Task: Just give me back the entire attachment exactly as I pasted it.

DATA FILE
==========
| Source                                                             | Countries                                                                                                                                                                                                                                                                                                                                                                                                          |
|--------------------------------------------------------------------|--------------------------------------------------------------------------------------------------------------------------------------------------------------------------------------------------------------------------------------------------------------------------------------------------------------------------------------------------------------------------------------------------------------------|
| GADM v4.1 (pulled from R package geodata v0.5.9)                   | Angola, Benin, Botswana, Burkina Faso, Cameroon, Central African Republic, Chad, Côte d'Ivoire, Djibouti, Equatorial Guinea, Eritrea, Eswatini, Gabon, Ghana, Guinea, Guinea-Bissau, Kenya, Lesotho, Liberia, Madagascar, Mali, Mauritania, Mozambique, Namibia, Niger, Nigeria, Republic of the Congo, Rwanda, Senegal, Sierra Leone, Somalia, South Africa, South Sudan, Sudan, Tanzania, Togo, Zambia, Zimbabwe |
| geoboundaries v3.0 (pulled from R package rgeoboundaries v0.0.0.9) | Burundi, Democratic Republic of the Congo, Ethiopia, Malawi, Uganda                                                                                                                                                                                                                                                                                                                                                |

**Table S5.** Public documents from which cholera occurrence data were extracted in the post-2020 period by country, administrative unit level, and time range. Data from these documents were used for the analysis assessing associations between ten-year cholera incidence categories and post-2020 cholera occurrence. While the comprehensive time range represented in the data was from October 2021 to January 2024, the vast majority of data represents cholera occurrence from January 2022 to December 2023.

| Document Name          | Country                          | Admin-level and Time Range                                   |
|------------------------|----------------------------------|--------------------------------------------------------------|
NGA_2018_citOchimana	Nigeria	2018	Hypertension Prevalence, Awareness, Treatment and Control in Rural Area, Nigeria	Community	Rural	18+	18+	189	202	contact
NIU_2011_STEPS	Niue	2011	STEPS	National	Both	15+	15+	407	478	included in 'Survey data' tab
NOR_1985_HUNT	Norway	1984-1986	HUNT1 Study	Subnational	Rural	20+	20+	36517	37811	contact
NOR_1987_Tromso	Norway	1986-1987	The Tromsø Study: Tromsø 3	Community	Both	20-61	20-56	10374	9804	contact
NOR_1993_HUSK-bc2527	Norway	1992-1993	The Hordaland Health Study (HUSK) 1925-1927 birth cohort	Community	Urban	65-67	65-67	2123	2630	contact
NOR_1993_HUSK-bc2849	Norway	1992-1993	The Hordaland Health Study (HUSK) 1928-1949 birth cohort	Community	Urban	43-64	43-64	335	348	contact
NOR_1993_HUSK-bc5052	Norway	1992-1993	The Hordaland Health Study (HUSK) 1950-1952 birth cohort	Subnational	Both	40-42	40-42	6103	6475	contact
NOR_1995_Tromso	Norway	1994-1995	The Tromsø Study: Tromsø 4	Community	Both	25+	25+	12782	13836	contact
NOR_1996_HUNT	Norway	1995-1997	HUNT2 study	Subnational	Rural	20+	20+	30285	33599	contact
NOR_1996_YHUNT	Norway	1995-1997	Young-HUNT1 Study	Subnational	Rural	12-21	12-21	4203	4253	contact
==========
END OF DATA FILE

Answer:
| Source                                                             | Countries                                                                                                                                                                                                                                                                                                                                                                                                          |
|--------------------------------------------------------------------|--------------------------------------------------------------------------------------------------------------------------------------------------------------------------------------------------------------------------------------------------------------------------------------------------------------------------------------------------------------------------------------------------------------------|
| GADM v4.1 (pulled from R package geodata v0.5.9)                   | Angola, Benin, Botswana, Burkina Faso, Cameroon, Central African Republic, Chad, Côte d'Ivoire, Djibouti, Equatorial Guinea, Eritrea, Eswatini, Gabon, Ghana, Guinea, Guinea-Bissau, Kenya, Lesotho, Liberia, Madagascar, Mali, Mauritania, Mozambique, Namibia, Niger, Nigeria, Republic of the Congo, Rwanda, Senegal, Sierra Leone, Somalia, South Africa, South Sudan, Sudan, Tanzania, Togo, Zambia, Zimbabwe |
| geoboundaries v3.0 (pulled from R package rgeoboundaries v0.0.0.9) | Burundi, Democratic Republic of the Congo, Ethiopia, Malawi, Uganda                                                                                                                                                                                                                                                                                                                                                |

**Table S5.** Public documents from which cholera occurrence data were extracted in the post-2020 period by country, administrative unit level, and time range. Data from these documents were used for the analysis assessing associations between ten-year cholera incidence categories and post-2020 cholera occurrence. While the comprehensive time range represented in the data was from October 2021 to January 2024, the vast majority of data represents cholera occurrence from January 2022 to December 2023.

| Document Name          | Country                          | Admin-level and Time Range                                   |
|------------------------|----------------------------------|--------------------------------------------------------------|
NGA_2018_citOchimana	Nigeria	2018	Hypertension Prevalence, Awareness, Treatment and Control in Rural Area, Nigeria	Community	Rural	18+	18+	189	202	contact
NIU_2011_STEPS	Niue	2011	STEPS	National	Both	15+	15+	407	478	included in 'Survey data' tab
NOR_1985_HUNT	Norway	1984-1986	HUNT1 Study	Subnational	Rural	20+	20+	36517	37811	contact
NOR_1987_Tromso	Norway	1986-1987	The Tromsø Study: Tromsø 3	Community	Both	20-61	20-56	10374	9804	contact
NOR_1993_HUSK-bc2527	Norway	1992-1993	The Hordaland Health Study (HUSK) 1925-1927 birth cohort	Community	Urban	65-67	65-67	2123	2630	contact
NOR_1993_HUSK-bc2849	Norway	1992-1993	The Hordaland Health Study (HUSK) 1928-1949 birth cohort	Community	Urban	43-64	43-64	335	348	contact
NOR_1993_HUSK-bc5052	Norway	1992-1993	The Hordaland Health Study (HUSK) 1950-1952 birth cohort	Subnational	Both	40-42	40-42	6103	6475	contact
NOR_1995_Tromso	Norway	1994-1995	The Tromsø Study: Tromsø 4	Community	Both	25+	25+	12782	13836	contact
NOR_1996_HUNT	Norway	1995-1997	HUNT2 study	Subnational	Rural	20+	20+	30285	33599	contact
NOR_1996_YHUNT	Norway	1995-1997	Young-HUNT1 Study	Subnational	Rural	12-21	12-21	4203	4253	contact